a novelty Indoor circus, outside of New
York, he comes here almost direct from
his wonderful engagement of seven con
secutlve years In New York and previous
to that five years in London. England
There has never been a theatrical star
that has played In New York as long
as Marceline. This Idea, which is new
and novel, was written especially for
him. The whole show, with wonderful
acrobats and dog-, ponies, monkeys,
bucking mule and horses, bareback com
edy acts, singing and dancing gifls on
wire and trapeze, riding prima donua.
and Marcellne comedy band and or
chestra, S.C.. will be seen here for the
Marcellne Is so funny that you can't
help remembering him, and when you
go home and get Into bed you are bound
to wake up laughing about the funny
things he did.
He Is surely the funniest man that
His real name when tie Isn't turning
somersaults on the stage Is Marcellne
Martini, and he says that he is not re
lated to the cocktail, although it s a
good friend to a clown "it makes Mm
feel so "appy."
He is something over four Teet. and he
looks even smaller In his well-fitted dap
per gray street clothes than In the loose
burlesque dress suit of the clown.
He is very dark his family were Span
iardsand his hair is as smooth as if
painted on his head. A big diamond, in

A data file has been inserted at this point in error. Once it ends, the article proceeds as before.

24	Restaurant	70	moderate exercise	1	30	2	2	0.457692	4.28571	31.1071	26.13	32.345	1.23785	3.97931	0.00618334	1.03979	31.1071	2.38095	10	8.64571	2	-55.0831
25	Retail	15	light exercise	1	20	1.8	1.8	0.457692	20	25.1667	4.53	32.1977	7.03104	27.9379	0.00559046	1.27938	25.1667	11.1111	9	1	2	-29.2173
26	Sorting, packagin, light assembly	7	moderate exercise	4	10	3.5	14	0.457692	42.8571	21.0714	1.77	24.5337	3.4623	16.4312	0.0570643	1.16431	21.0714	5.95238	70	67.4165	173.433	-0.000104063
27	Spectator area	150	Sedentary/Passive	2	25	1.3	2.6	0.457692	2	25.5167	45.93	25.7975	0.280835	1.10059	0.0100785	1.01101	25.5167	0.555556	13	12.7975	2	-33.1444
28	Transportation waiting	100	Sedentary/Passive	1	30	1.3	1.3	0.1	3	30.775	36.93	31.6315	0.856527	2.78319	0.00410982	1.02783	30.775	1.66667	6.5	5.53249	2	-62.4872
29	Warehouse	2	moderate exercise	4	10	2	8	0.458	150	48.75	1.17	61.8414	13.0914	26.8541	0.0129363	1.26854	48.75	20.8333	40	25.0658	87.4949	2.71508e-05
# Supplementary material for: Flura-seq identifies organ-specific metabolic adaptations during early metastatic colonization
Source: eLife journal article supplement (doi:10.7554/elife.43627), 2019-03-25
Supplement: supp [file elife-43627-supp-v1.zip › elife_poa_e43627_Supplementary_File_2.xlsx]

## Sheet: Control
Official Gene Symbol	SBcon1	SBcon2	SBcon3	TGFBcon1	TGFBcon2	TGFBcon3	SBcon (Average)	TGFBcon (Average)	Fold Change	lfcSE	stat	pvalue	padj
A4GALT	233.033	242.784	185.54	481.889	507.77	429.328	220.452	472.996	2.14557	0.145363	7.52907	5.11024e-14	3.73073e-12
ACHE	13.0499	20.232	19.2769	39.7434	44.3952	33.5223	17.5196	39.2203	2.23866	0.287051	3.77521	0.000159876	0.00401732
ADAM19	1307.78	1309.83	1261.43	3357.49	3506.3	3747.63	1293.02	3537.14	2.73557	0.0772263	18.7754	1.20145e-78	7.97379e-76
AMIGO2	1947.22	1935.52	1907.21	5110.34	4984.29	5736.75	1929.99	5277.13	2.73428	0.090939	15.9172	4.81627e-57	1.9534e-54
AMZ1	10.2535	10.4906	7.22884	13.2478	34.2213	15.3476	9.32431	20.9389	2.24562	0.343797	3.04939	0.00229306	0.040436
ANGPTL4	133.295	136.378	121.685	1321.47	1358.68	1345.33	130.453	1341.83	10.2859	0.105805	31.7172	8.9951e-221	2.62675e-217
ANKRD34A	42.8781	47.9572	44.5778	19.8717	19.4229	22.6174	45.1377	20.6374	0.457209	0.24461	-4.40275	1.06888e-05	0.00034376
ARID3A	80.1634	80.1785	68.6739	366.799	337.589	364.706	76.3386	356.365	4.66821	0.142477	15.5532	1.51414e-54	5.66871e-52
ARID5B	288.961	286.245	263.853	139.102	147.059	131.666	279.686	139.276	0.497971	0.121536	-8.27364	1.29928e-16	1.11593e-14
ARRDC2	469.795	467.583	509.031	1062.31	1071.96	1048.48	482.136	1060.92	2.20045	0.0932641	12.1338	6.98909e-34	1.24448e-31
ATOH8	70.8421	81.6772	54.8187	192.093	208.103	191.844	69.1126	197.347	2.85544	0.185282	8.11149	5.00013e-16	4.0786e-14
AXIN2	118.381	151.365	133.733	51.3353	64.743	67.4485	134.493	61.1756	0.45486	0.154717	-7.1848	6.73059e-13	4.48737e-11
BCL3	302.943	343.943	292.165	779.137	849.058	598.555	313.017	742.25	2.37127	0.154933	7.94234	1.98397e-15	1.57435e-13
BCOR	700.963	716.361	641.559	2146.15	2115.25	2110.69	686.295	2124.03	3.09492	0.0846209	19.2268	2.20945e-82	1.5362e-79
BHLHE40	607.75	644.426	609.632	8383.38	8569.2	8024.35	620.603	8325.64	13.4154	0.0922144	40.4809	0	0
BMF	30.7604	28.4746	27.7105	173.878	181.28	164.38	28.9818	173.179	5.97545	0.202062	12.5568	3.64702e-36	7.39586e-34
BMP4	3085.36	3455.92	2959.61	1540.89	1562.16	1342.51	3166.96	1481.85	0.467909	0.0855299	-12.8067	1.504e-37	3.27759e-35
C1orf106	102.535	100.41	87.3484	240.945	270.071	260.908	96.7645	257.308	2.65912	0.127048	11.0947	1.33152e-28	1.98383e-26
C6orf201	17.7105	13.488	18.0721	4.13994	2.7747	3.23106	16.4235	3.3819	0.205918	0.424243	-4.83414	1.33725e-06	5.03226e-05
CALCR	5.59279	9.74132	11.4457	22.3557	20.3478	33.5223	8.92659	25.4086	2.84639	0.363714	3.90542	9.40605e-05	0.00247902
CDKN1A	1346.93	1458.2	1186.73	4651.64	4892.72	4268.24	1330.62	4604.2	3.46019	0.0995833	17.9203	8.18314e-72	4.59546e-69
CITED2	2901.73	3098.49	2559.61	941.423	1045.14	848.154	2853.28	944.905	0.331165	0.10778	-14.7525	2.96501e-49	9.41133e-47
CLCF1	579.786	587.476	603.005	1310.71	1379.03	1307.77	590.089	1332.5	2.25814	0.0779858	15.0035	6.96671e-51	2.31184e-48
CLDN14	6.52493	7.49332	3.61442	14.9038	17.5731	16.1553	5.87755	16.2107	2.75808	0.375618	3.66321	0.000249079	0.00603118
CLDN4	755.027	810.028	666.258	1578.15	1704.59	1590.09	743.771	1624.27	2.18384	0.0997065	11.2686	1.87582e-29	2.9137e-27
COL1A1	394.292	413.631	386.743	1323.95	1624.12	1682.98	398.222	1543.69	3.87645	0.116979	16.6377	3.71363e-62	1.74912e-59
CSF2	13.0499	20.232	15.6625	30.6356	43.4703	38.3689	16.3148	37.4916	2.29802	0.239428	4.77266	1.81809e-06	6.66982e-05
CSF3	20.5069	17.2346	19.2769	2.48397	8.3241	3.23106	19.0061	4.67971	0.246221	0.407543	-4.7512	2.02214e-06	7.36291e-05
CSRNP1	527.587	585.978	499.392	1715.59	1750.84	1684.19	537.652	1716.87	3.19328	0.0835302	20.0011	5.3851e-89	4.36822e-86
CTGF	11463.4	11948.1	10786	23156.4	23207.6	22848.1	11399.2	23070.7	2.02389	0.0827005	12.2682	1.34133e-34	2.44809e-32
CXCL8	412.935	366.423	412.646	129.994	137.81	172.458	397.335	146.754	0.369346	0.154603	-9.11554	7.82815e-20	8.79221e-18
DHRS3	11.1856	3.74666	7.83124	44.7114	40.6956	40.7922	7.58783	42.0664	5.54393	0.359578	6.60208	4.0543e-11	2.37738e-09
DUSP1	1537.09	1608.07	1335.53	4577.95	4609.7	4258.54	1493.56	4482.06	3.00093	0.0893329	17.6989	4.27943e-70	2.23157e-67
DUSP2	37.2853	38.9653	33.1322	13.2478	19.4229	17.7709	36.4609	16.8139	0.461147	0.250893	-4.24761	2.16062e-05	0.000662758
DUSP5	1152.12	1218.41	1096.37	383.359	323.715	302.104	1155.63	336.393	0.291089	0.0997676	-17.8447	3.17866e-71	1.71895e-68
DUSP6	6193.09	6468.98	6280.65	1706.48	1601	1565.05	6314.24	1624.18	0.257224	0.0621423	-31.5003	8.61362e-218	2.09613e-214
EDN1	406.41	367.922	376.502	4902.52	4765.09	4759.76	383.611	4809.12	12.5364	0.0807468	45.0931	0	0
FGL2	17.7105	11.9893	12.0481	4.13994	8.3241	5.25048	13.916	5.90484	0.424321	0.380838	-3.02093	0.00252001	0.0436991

an old-time setting, adorns one of his
short fingers He is serious of mien, and
when he talks of his work, his home in
England, and of the incredible rapidity
with which hard-earned money melts
when a clown plavs earns or puts in
occasional bet on the 'orses, his quiet
gravity betokens modesty and frankness
to an engaging degree.
In London they call him Marceline, the
children s idol, because he has been at the
London Hippodrome eight years and in
Christmas pantomimes galore His stay
in New York has been equally as extend
ed, and he is said to he under contract
for life at the famous New York Hippo
To the average London child he In a
far more interesting object than the
tower of the King himself, and after each
matinee performance the little "droll."
as he calls himself, receives a bushel of
letters from the younger portion of his
audience. Most of the girls want him to
J come and have tea with them on the lawn
in .i tent that they pretend is a circus
tent. They promise him tarts and coffee,
Hnd hope he will wear his awfully funny
evening clothes. "Btrt please don't wear
your false nose," adds Miss Goldy locks.
"There won t be any company Just us
children, so you can come in your on
nose and, he comfortable
Arthur Applecheek takes "his .pen I
hand to ask Marcellne If he doesn't want
an apprentice. Arthur Is sure that he
could be useful. He has practiced
the orchard and 'orf the banisters, and
he can, get fn'ife tumbles .without crying
than any boy he knows. He would work
for nothing during the summer holidays,
and be would .also lika to have Mar
cellne's autograph for his collection and
a few pictbre post cards, If Marceline
has any handy. To oblige him he had
his picture lithographed on C.000 post
cards and autographed them alL He
hasn't one left.
Ills Only Public Speech.
One day the London Hippodrome save
a matinee for the benefit of the Chil
dren's Hospital. Two thousand boys and